Australian Prime Minister Scott Morrison appears to have used a visit to Vietnam to accuse China of breaching international law in the South China Sea.
He told Vietnamese Prime Minister Nguyen Xuan Phuc that he remained committed to independence and sovereignty as the Vietnamese navy is engaged in a standoff with Chinese vessels inside its territorial waters.
China has rattled Vietnam, the Philippines and other smaller neighbours by constructing seven artificial islands and equipping them with military runways and garrisons.
“It isn’t about picking sides,” the hawkish Australian leader said. “It’s about ensuring each and every nation in this region can have confidence in its independence and sovereignty.”
Neither Morrison and Phuc named China.
The countries formalised a bilateral “strategic partnership” earlier this year.
“We are deeply concerned about the recent complicated developments in the East Sea and agree to co-operate in maintaining peace, stability, security, safety and freedom of navigation and overflight,” said Phuc, using Vietnam’s name for the South China Sea.
Vietnam’s Communist government is normally more guarded when discussing Chinese expansionism.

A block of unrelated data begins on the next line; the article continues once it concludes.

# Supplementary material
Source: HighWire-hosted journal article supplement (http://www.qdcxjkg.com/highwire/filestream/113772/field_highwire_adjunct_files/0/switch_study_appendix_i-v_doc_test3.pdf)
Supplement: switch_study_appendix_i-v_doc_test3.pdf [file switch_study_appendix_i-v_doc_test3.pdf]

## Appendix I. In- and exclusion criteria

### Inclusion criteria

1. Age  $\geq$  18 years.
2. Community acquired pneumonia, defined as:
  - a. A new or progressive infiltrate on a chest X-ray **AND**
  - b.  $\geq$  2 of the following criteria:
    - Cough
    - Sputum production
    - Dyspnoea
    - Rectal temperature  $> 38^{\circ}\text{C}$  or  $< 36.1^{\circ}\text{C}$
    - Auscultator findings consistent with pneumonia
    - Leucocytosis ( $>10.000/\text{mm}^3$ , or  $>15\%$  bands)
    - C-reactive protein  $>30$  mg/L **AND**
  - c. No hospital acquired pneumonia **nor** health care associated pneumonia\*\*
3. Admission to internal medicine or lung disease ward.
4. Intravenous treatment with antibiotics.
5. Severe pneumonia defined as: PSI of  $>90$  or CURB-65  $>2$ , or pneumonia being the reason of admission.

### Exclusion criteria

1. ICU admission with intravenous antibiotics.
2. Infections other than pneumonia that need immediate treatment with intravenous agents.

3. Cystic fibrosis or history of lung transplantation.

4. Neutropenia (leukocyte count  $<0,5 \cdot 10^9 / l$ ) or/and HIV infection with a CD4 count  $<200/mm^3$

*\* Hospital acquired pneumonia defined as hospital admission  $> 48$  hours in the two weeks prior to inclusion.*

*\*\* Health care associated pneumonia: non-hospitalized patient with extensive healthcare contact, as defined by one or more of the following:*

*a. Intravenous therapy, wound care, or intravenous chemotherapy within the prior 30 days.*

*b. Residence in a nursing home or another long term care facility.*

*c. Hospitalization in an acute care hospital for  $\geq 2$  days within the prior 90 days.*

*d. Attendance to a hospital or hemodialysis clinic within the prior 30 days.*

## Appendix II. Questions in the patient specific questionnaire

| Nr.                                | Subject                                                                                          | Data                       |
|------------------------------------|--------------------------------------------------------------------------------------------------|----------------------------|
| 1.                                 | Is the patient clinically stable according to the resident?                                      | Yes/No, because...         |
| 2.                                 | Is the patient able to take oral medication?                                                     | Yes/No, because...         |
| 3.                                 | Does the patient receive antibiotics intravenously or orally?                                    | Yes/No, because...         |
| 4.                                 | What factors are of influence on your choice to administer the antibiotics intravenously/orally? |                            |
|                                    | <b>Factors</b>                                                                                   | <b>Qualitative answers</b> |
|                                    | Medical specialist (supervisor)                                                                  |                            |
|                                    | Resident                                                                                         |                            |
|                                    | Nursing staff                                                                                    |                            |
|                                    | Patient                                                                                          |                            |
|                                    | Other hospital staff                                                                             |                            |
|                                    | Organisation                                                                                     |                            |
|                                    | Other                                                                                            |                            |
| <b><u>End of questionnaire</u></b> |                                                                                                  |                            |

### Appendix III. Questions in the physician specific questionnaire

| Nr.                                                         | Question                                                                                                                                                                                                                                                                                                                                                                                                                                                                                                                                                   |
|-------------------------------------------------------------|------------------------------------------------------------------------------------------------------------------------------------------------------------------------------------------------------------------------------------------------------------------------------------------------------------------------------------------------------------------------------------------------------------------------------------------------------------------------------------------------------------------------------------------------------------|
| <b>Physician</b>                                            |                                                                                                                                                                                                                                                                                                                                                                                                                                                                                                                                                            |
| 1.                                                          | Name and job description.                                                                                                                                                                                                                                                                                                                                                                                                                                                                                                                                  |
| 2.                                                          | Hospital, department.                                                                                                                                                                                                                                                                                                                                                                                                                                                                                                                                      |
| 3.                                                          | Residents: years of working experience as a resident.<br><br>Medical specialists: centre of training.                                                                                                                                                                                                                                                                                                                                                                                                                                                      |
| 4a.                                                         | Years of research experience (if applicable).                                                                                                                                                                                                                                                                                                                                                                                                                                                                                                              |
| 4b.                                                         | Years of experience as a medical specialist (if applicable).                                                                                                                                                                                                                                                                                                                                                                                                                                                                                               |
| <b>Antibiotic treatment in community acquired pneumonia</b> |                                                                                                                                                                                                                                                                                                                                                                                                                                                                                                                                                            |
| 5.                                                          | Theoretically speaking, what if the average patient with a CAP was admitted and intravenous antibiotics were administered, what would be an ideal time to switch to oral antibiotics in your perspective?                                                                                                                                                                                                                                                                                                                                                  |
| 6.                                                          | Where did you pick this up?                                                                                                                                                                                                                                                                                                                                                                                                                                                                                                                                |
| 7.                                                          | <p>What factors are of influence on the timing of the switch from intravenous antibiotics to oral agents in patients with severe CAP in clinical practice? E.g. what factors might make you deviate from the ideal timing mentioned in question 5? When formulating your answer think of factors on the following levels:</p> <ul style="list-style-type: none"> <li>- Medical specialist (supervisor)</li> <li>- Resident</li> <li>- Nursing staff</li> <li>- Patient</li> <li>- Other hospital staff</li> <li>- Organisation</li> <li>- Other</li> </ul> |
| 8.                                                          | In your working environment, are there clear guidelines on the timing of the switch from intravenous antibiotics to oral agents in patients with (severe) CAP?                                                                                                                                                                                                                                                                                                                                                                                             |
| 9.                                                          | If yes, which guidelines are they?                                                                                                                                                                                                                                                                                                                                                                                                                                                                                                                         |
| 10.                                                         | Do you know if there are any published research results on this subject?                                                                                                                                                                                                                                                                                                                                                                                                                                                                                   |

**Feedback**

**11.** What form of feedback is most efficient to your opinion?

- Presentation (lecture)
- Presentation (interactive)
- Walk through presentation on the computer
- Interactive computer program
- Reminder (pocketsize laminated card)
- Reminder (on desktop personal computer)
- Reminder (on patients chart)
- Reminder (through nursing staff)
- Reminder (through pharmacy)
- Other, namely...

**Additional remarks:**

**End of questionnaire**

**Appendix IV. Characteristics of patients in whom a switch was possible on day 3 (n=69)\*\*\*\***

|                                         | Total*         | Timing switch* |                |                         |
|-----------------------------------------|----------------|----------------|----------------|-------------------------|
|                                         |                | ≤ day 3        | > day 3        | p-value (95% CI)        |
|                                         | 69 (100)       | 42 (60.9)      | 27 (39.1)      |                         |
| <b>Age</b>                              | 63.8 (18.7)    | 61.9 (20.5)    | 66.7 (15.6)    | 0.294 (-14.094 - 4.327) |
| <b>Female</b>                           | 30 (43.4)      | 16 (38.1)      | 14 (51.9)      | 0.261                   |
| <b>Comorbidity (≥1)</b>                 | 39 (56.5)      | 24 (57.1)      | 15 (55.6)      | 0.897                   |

Washington said it was deeply concerned that China was continuing to interfere with Vietnam’s oil and gas drilling inside its exclusive economic zone
China’s Haiyang Dizhi 8 was surveying Vietnam’s exclusive economic zone alongside at least seven other Chinese ships, Marine Traffic reported.
Vietnam’s Russian-built Quang Trung frigate is purportedly among the vessels shadowing the Chinese flotilla.
Bilateral trade rose 19.4 per cent last year to US$7.72 billion, Hanoi reported.
Australia is the largest coal importer to Vietnam, which is increasingly reliant on the environmentally ruinous fossil fuel for power supplies.
An estimated 36 per cent of the world’s energy is still produced by coal, although it is the largest contributor to climate change, and responsible for around 46 per cent of global carbon-dioxide emissions.
Hanoi has failed to invest sufficiently in renewable sources like solar power in the sun-kissed country or hydro, tidal and wind power along his extensive coastline and in the broad River Mekong.
Coal shipments from Australia to Vietnam more than tripled this year from 2018 to 8.51 million tonnes, according to Vietnamese customs.
Morrison said he hoped his visit would further boost trade.
“Prime Minister Nguyen Xuan Phuc and I are friends, Australia and Vietnam are friends,” he said. “Today, to use an Australian phrase, we have gone from friends to mates.”
The Australian navy is increasingly considering the South China Sea. Picture credit: Wikimedia